In painting, one of the best-known examples is Rothko. Space is flattened as areas of color are presented side-by-side that should provoke contemplation and induce metaphysical peace.

The Rothko Chapel, in Houston, Texas

Rothko never saw this space; he died in 1970, a few months before it opened, just before installers lowered in his paintings through the ceiling since they didn’t fit through the doorway. The paintings are the only adornment in this building that from the outside looks like an electrical substation, all bricks and no windows. But inside… “Inside, it’s a space that makes you feel like you’re living in one of Rothko’s paintings. It’s a place that captures opposites: It’s large yet intimate. Dark yet bright. Spare yet rich. The chapel is infinity captured. Vastness contained.”

Image courtesy of GQ

Troika, Arcades, 2015

Image courtesy of the artists via

Troika (Eva Rucki, Conny Freyer and Sebastien Noel) created a site-specific architectural installation, Arcades (2012), comprised of light pillars which rays refracted by a fresnel lens created the illusion of gothic arches. As the artists stated: “creating a spatial suspension of disbelief, Arcades encourages an analysis of our relationship with the metaphysical in a world increasingly governed by practical, rational and scientific principles.”

Troika’s representation of Arcades in watercolor

Image courtesy of the artists via

Posted in: Fine Art
Tagged: Troika Mark Rothko Gian Lorenzo Bernini

At the edge of London's Holland Park, John Pawson's newly designed masterpiece waits for more enthusiastic reviews.

Image courtesy of: Clothes Horse

London has always been known for its museums, that much is for sure. But when it came to design inspiration, it was the Victoria & Albert Museum that people visited... until now! V&A, the 165-year-old museum, is presently up against some major competition. In the heart of London, near Holland Park, the London Design Museum recently re-opened to a lot of acclaim. The backstory: until quite recently, the Design Museum was housed in a former banana warehouse near the Thames River. Luckily, the famous British architect, John Pawson, was selected to design this museum with enough space to put its permanent collection on view for the first time.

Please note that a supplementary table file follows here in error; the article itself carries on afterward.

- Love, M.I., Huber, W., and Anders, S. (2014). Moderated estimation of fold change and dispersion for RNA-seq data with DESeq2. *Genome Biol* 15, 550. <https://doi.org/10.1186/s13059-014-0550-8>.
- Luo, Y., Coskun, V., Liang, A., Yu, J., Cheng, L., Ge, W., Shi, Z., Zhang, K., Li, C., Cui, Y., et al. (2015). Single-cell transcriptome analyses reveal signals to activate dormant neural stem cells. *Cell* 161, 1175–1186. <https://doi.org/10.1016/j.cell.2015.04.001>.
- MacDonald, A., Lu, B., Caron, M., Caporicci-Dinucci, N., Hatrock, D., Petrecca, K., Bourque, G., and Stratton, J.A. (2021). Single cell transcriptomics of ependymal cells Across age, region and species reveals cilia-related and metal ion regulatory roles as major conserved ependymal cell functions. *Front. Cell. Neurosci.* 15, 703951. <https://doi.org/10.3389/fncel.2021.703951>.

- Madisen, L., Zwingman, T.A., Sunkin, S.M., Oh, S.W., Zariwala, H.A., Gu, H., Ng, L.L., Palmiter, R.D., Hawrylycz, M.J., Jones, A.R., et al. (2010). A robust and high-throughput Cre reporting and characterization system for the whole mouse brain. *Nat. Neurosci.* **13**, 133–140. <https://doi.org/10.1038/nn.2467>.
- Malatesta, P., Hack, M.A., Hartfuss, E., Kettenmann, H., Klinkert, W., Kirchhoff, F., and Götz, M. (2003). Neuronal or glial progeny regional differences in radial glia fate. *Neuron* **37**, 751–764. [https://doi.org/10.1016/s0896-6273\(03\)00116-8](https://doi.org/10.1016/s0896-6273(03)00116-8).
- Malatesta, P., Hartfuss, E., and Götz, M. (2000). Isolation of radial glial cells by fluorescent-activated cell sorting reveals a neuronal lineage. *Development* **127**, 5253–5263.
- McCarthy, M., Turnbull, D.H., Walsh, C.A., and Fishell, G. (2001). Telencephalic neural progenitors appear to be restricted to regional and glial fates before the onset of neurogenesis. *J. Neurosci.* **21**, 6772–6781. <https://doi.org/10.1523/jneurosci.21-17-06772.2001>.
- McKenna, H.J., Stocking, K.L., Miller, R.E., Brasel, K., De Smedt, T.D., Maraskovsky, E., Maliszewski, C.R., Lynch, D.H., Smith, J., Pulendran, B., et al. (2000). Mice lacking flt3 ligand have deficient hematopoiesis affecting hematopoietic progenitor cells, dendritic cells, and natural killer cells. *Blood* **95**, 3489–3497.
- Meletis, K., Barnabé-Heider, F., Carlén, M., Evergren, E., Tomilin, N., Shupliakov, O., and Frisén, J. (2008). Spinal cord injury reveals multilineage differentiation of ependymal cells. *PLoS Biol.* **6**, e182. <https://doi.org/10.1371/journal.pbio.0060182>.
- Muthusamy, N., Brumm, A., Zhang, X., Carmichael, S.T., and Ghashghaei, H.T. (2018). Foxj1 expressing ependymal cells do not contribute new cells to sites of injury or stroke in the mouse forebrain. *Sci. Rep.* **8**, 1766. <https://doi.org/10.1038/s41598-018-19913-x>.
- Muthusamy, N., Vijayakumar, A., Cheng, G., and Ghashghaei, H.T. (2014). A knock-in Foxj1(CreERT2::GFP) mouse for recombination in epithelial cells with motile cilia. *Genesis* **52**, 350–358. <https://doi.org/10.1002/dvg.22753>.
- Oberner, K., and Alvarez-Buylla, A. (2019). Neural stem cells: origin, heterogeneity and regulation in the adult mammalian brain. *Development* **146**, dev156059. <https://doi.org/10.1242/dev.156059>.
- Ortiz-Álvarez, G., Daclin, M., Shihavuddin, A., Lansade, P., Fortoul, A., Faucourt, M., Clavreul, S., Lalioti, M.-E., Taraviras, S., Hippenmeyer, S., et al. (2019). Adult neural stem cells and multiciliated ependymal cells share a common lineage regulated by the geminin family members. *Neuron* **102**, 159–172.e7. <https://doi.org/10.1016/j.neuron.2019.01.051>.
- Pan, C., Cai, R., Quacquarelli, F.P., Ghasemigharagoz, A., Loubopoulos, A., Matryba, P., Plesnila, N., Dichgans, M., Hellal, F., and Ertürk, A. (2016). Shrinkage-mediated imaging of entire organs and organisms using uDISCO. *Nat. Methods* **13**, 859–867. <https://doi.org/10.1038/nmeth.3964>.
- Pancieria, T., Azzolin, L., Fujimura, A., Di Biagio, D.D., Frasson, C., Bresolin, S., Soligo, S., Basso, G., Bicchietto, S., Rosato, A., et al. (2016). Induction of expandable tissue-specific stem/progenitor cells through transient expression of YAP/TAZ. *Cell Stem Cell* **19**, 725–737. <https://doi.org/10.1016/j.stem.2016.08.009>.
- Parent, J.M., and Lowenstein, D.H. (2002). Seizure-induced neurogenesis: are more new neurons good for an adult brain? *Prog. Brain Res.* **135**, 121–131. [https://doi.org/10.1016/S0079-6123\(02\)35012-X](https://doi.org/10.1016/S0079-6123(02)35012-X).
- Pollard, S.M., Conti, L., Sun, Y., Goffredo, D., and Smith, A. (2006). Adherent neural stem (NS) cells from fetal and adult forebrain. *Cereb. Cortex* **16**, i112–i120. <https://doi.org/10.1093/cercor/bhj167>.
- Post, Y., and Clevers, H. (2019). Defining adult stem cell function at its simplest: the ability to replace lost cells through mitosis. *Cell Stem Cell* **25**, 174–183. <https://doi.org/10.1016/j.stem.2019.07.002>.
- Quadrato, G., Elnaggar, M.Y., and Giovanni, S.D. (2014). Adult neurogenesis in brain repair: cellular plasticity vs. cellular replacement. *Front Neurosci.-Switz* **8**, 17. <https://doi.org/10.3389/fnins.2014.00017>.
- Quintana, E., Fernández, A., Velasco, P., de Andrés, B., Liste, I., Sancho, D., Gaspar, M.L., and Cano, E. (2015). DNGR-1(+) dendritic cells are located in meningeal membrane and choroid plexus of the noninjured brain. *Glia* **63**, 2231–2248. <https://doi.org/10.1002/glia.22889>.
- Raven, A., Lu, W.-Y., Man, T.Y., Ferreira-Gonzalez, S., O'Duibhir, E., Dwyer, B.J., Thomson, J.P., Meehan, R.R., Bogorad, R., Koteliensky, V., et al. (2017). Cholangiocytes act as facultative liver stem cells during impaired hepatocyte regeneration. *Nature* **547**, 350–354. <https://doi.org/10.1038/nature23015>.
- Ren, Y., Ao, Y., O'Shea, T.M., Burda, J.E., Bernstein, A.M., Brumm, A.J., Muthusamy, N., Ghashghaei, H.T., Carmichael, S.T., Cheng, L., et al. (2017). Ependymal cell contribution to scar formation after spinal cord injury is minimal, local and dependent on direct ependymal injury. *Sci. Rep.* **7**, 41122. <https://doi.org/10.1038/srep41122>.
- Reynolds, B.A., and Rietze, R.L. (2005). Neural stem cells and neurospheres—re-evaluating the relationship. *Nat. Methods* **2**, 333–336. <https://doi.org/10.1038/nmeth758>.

Reinventing the new space was vital... now, light floods the central hall where an enormous 50-foot-tall space is capped off by an undulating curved roof. An impressive set of stairs spiral up the hall, allowing visitors to view items such as the yellow 1990 Sony Walkman we probably all remember from our childhoods. The lower stairs can act as benches, the intent is to invite visitors to take a seat and look around.

The museum has 1,000 permanent pieces on display, and there's now enough room for additional temporary shows. We love the newly designed interior and agree with all the early reviews which rave about this new London treasure!

The top floor of the museum houses the permanent collection. Among the most fun objects is a scale model of a London tub train viewed from the perspectives of both the designer-manufacturer and the user.

Image courtesy of: UK Business Insider, photographed by: Helene Binet

The 200-seat amphitheater is reminiscent of an ancient Greek stadium. 

Image courtesy of: UK Business Insider

As you can imagine, it was tough to take out the original concrete floors. This was done by propping the roof on a temporary steel structure 20 meters above the ground.

Image courtesy of: UK Business Insider

Posted in: Architecture